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  • Trends and latest findings

    Our small business income tax gap estimate for 2015–16 is based on a sample of 1,398 taxpayers. We are working to build a bundled sample of over 2,000 random enquiries. In this way we will look to provide a trend over time as we continue to progress the random enquiry program.

    Internationally, tax gaps are difficult to compare. There are large variations in legal and tax systems across tax jurisdictions. Market definitions, availability of data and the methodologies used to estimate gaps vary across countries.

    Our findings are not directly comparable due to the administrative and legal differences between tax jurisdictions. But they are in line with research from other countries that also measure tax gaps, such as the United Kingdom.

    The most common issues we observed from the random enquiry program included taxpayers:

    • not declaring all income
    • failing to account for private use of business assets or funds
    • not understanding their tax obligations.

    We observed a range of behaviours relating to the adjustments, including:

    • poor record keeping and lack of reconciliation processes
    • carelessness
    • business owners appearing to deliberately avoid paying the right tax (for example, making minimal effort to comply with their obligations)
    • deliberate attempts to avoid paying the right tax (that is, exhibiting black economy behaviour).

    The vast majority of small businesses have some form of tax practitioner representation. We saw many examples in the random enquiry program of tax practitioners helping small businesses to report correctly. However, we identified some mistakes as a result of tax practitioners failing to show due diligence.

    When we did need to make adjustments to tax returns, we saw three key areas warranting our attention:

    • the need to address black economy activity
    • the need for continued education and support
    • the need to reduce complexity – law, multiple taxes, business structures.

    The tax effect of the black economy for small business in 2015–16 is estimated to be $7.7 billion (or around 64% of the gross income tax gap). The majority of black economy activity ($6.5 billion) is associated with deliberate under-reporting of business income and over-claiming of business deductions.

    For clients that deliberately under-report income and operate in the black economy, we have a continued focus on treatment strategies, both prevention and correction. Where we detect deliberate omission of income and over-claiming of expenses, we can apply correction strategies such as penalties and prosecutions.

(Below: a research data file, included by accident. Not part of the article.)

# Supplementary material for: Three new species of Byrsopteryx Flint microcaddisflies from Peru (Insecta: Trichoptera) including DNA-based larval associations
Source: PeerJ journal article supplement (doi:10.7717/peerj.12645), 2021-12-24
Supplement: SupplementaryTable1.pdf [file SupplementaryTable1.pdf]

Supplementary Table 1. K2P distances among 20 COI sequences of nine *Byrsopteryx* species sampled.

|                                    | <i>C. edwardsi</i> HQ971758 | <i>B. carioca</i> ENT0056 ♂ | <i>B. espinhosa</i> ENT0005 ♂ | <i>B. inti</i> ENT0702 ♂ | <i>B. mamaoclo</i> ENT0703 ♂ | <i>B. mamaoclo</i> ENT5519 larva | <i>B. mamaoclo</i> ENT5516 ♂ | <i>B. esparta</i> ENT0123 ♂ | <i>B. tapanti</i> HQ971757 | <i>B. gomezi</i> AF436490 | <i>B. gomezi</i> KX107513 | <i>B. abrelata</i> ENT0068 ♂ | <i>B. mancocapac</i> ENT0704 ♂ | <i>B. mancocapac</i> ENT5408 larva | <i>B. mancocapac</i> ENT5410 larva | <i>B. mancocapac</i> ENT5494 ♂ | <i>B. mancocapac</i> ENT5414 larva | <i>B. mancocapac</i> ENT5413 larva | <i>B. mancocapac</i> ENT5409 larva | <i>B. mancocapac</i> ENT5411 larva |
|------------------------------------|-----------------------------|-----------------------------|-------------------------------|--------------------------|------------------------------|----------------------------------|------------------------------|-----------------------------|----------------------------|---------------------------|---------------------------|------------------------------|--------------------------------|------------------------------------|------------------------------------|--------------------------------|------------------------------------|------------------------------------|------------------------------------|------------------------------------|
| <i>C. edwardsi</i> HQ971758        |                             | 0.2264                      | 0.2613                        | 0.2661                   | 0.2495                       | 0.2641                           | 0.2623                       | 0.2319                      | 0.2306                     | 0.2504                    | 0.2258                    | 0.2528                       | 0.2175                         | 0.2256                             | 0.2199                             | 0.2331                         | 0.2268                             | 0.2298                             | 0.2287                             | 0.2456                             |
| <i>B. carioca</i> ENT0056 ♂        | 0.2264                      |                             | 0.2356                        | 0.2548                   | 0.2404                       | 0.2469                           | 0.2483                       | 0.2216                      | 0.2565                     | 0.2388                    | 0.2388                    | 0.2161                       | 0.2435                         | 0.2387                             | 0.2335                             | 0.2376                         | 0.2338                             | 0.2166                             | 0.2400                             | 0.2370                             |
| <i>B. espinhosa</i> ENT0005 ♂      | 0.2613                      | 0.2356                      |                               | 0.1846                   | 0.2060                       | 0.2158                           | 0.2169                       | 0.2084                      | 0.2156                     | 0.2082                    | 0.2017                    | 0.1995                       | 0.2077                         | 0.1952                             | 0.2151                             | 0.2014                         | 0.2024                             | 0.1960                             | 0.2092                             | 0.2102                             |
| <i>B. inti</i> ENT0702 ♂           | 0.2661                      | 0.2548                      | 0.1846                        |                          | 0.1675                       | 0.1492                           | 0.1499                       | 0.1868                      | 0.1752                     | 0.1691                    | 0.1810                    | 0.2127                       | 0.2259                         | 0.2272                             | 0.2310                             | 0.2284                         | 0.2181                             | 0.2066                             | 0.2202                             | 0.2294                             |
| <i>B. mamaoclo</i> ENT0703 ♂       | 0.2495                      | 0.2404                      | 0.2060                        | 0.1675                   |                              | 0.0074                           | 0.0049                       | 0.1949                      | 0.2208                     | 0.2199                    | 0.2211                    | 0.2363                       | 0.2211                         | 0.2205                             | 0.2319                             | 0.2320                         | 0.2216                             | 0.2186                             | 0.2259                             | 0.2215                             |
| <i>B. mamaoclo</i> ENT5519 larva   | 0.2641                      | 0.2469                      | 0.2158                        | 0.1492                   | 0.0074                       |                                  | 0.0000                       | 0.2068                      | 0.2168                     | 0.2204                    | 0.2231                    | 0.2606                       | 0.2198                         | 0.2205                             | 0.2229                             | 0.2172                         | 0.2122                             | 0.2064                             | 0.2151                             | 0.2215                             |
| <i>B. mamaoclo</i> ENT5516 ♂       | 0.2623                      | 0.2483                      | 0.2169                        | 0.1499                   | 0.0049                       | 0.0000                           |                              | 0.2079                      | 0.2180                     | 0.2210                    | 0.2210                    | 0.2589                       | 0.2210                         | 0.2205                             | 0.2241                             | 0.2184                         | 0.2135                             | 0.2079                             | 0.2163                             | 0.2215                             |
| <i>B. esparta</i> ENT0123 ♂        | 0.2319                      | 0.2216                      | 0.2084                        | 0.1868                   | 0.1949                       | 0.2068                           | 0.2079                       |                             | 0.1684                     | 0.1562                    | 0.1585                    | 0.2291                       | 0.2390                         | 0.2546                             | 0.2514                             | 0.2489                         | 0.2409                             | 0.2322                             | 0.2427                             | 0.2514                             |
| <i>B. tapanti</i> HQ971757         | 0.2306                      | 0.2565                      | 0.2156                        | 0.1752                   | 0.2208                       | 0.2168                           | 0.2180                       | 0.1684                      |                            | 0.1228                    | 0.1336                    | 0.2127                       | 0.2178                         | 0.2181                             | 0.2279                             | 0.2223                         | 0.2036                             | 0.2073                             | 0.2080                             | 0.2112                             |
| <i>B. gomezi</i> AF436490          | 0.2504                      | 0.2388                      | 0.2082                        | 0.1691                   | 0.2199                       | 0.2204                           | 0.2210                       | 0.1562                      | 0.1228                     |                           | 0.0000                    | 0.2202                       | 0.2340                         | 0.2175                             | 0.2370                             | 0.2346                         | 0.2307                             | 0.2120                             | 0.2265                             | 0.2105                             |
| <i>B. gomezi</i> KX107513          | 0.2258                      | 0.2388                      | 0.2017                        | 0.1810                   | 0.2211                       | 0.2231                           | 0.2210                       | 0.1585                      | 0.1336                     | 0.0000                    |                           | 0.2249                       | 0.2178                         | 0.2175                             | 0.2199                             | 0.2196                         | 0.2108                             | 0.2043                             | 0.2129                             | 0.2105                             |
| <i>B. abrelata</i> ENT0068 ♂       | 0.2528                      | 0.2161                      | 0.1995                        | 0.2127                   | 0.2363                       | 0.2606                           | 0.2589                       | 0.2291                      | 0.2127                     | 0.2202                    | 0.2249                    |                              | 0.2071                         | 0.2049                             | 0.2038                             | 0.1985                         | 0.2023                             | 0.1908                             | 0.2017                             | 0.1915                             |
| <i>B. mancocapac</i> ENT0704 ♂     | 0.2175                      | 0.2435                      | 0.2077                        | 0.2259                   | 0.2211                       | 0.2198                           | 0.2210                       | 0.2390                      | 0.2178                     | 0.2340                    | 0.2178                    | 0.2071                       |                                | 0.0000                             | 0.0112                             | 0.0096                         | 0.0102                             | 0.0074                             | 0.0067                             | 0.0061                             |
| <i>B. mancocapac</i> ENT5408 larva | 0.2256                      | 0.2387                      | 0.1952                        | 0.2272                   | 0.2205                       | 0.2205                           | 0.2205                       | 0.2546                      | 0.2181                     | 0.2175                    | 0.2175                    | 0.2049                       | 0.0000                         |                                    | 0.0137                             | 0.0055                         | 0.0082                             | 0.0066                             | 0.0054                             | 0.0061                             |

Findings from the random enquiry program highlight the need for continuous education. This is to support good record keeping practises, keeping evidence of expenses and the proper setup of systems. Our findings support the work we are doing to make it easier for taxpayers to comply and hard not to. For example, through recent initiatives such as Single Touch Payroll and e-invoicing.

    Table 1: Income tax gap – small business, 2015–16

    Income tax

    $m

    %

    Gross gap

    $12,058

    13.6%

    Amendments

    $972

    n/a

    Net gap

    $11,087

    12.5%

    Tax paid

    $77,398

    n/a

    Theoretical liability

    $88,485

    n/a

    Figure 1: Amount paid and net gap – small business, 2015–16

    Bar graph showing that small business income tax paid in 2015–16 was around $77 billion and the net gap estimate is around $11 billion.

    Tax gap by population and drivers – Small business income tax, 2015–16

    The following three charts split the tax gap by small business population and the main drivers of non-compliance for each of them. These relate to: omission of income, over-claimed deductions, people outside the tax system (for example, cash-only businesses operating without an ABN), and non-pursuable debt (that is not economical for us to pursue).

    For the companies component of the gap, we see that omission of income accounts for almost half of the overall gap (47%). Over-claimed business deductions also represent a significant portion of the gap (39%).

    Figure 2: Small companies

    Doughnut chart showing small companies had: 47% omitted income, 39% overclaimed deductions, and13% non-pursuable debt.

    For the individuals in business component, the main driver of the gap relates to omission of income (76%). We also recognise the influence of people outside the system contributing to the overall gap.

    Figure 3: Individuals in business

    Doughnut chart showing individuals in business had: 76% omitted income, 14% overclaimed deductions ,7% outside the system, and 4% non-pursuable debt.

    The final combined view shows the overall influence of omitted income on the gap (71%).

    Figure 4: Combined small business

    Doughnut chart showing combined small business had: 71% omitted income, 18% overclaimed deductions, 6% outside the system, and 6% non-pursuable debt.

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      Last modified: 03 Oct 2019QC 59986